Elsewhere, Rexy must contend with lumbering grey-o-pods and far more dapper hadrosaurs. Green striped with black - lovely. It's disappearing into the fold (which probably explains its lack of a label), but the Triceratops with semi-sprawling forelimbs recalls a much earlier Kish piece. Rexy's remains well drawn (particularly given the tricky perspective), but the head is a little off; the jaw adductor muscles are too far aft of the orbit, and it overall resembles that of a much more basal theropod. It's especially disconcerting as nothing else quite like it appears elsewhere in the book. [EDIT: As pointed out by Vladmimir Nikolov on Facebook, the T. rex is a dead ringer for an Albertosaurus by Bakker, so that'll explain that, while Pablo Lara has noted in the comments that the Alamosaurus is a Sibbick clone. Seriously, what gives?]
But never mind, for here is Tyrannosaurus chowing down on a live crocodile, which really should've been paying more attention. Slightly unlikely pose aside, this is, as Thomas Diehl noted over on the Fezbooks, "quite a nice change from the usual T. rex prey animals". Indeedy, Diehl. The idea of a T. rex/crocodilian face-off (no, confrontations between Albertosaurus/Gorgosaurus and MegaGator do not count) is so very awesomebro I'm not sure why it hasn't been illustrated more often. For whatever reason (probably the colouration), this one rather reminds me of the superb 'Young T. rex' toy in the original Jurassic Park action figure line. The trees are lovely, but I bet you didn't even notice the subtle realism of the slightly uneven, birdlike foot. It's something that not many people get right - for my money, a good recent example would be R J Palmer's work for Saurian.
The observant among you (including the palaeontologists, I hope, or else I'll be disappointed) will have noted that Kish seems to be painting Tyrannosaurus with two different colour schemes throughout the book. Here, both are quite cleverly brought into the same scene, suggesting perhaps a gender difference. The style is very typical of a decent palaeoartist in the early '90s, although the attempt at a juvenile tyrannosaur (before such things were well known) is noteworthy. The legginess is prescient, but the snub-nosed faced contradicts what we now know. A bit like that Young T. rex toy.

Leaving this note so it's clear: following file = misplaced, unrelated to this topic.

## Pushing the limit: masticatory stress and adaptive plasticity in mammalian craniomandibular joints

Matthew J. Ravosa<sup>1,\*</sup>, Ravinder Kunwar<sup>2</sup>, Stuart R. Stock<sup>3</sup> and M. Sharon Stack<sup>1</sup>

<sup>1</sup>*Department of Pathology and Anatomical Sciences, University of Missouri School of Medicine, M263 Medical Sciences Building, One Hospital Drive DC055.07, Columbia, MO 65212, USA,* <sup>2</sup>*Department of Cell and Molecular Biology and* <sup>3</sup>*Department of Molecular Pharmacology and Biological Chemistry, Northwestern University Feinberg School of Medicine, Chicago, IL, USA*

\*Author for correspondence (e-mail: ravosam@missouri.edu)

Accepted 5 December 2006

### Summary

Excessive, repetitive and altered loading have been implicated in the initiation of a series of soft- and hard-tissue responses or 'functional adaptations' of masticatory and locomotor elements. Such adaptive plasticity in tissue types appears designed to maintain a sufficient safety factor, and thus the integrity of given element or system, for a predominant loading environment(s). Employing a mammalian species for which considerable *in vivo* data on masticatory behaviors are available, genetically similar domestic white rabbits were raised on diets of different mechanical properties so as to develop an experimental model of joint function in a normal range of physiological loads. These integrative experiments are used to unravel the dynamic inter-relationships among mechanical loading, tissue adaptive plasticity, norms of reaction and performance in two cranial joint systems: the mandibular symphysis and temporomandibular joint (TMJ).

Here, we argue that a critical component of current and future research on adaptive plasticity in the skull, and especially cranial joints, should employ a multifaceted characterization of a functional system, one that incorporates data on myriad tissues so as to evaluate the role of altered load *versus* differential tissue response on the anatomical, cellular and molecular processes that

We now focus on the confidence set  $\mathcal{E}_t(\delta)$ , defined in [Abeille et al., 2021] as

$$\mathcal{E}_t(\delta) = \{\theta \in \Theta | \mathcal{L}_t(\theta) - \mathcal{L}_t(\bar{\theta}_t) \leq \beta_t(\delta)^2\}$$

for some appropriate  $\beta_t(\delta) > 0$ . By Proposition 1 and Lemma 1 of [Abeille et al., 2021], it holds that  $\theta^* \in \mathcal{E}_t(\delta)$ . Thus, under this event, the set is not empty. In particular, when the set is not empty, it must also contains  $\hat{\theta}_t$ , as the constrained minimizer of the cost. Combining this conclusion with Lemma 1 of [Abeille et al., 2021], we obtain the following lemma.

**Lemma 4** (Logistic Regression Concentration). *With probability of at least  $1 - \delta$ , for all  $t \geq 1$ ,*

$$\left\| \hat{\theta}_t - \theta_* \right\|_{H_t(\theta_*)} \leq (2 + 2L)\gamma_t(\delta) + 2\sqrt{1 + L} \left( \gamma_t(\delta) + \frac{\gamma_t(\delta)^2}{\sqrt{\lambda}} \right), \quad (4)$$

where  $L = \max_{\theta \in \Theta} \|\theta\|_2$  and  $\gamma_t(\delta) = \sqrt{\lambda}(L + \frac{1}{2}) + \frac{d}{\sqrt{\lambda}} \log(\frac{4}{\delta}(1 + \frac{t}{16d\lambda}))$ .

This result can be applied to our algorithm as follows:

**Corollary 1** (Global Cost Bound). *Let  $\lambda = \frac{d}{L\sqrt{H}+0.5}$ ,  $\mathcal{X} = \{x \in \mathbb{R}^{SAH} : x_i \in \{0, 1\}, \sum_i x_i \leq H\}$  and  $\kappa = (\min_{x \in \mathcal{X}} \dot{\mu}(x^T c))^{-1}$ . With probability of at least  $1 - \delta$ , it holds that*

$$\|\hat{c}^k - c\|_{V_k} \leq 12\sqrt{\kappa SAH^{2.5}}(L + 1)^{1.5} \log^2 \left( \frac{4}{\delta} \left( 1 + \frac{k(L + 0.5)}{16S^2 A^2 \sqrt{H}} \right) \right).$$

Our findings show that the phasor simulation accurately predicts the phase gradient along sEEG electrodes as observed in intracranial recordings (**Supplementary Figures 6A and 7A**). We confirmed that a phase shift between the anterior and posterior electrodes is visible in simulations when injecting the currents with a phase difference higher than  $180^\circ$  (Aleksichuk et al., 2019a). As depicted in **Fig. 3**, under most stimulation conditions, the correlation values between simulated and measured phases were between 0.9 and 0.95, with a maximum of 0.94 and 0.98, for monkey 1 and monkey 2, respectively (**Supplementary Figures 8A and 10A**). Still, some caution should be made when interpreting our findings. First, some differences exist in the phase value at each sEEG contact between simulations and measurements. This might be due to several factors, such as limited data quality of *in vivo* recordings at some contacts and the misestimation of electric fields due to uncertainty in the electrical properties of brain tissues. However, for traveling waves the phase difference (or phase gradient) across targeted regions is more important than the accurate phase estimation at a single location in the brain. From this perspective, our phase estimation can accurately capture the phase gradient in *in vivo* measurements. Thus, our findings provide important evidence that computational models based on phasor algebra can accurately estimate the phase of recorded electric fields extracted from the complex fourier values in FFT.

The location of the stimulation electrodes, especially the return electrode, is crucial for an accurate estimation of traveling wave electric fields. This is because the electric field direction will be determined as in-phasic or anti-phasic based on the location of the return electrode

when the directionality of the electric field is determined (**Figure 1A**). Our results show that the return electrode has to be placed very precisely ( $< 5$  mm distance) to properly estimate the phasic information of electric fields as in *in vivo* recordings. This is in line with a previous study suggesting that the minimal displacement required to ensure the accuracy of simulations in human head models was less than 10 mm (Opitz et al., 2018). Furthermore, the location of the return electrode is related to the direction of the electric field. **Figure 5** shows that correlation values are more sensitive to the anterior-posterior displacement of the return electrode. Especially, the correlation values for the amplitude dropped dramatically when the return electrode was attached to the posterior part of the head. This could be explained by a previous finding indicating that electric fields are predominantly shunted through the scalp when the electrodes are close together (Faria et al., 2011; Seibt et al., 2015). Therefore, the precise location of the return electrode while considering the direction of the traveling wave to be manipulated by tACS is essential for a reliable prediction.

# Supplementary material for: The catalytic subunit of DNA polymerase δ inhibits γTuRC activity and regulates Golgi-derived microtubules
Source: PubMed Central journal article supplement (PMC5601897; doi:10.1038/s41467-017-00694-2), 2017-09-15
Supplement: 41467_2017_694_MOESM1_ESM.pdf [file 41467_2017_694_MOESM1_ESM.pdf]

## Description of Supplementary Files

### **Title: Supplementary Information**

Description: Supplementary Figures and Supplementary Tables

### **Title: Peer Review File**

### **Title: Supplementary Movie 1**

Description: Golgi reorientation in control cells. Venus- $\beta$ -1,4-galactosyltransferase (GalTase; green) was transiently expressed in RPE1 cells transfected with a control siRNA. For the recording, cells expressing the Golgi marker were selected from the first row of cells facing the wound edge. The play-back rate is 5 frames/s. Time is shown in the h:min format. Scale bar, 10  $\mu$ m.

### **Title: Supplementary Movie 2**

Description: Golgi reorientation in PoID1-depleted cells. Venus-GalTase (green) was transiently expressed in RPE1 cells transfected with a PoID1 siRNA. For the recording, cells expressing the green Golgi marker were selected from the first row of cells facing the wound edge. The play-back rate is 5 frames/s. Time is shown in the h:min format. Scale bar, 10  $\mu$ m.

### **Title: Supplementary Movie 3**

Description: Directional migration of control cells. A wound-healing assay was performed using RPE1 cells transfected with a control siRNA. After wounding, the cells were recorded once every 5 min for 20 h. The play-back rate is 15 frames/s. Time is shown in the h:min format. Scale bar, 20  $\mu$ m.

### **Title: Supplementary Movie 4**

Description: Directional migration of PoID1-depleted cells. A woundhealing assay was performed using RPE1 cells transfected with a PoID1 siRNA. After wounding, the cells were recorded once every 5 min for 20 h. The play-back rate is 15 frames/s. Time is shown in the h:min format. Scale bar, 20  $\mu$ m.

All dinosaurs must die, and so here we see a trio of tyrannosaurs witnessing the end of their world, or else just a Dutch town on New Year's Eve. The quite stylised, almost cartoony feel of this spread could easily have felt incongruous, but I feel it slots in the book quite nicely; besides, wanton scenes of terrifying dino-geddon would have terrified the kiddies. It's quite a sad scene, really, as the reader is forced to contemplate how they're never, ever, going to see one of these monstrosities appear from behind a clump of trees in front of them as they go out for a nice Sunday walk. Sniff.
And finally...it might be dead and gone, but Tyrannosaurus will be alive forever in our imaginations. A lovely sentiment, and a fitting illustration from Kish, as our highly carnivorous hero strides off into...if not the sunset, then at least the distance. Goodbye, Tyrannosaurus.
P.S. Goodbye Mr B, too. Let the children boogie.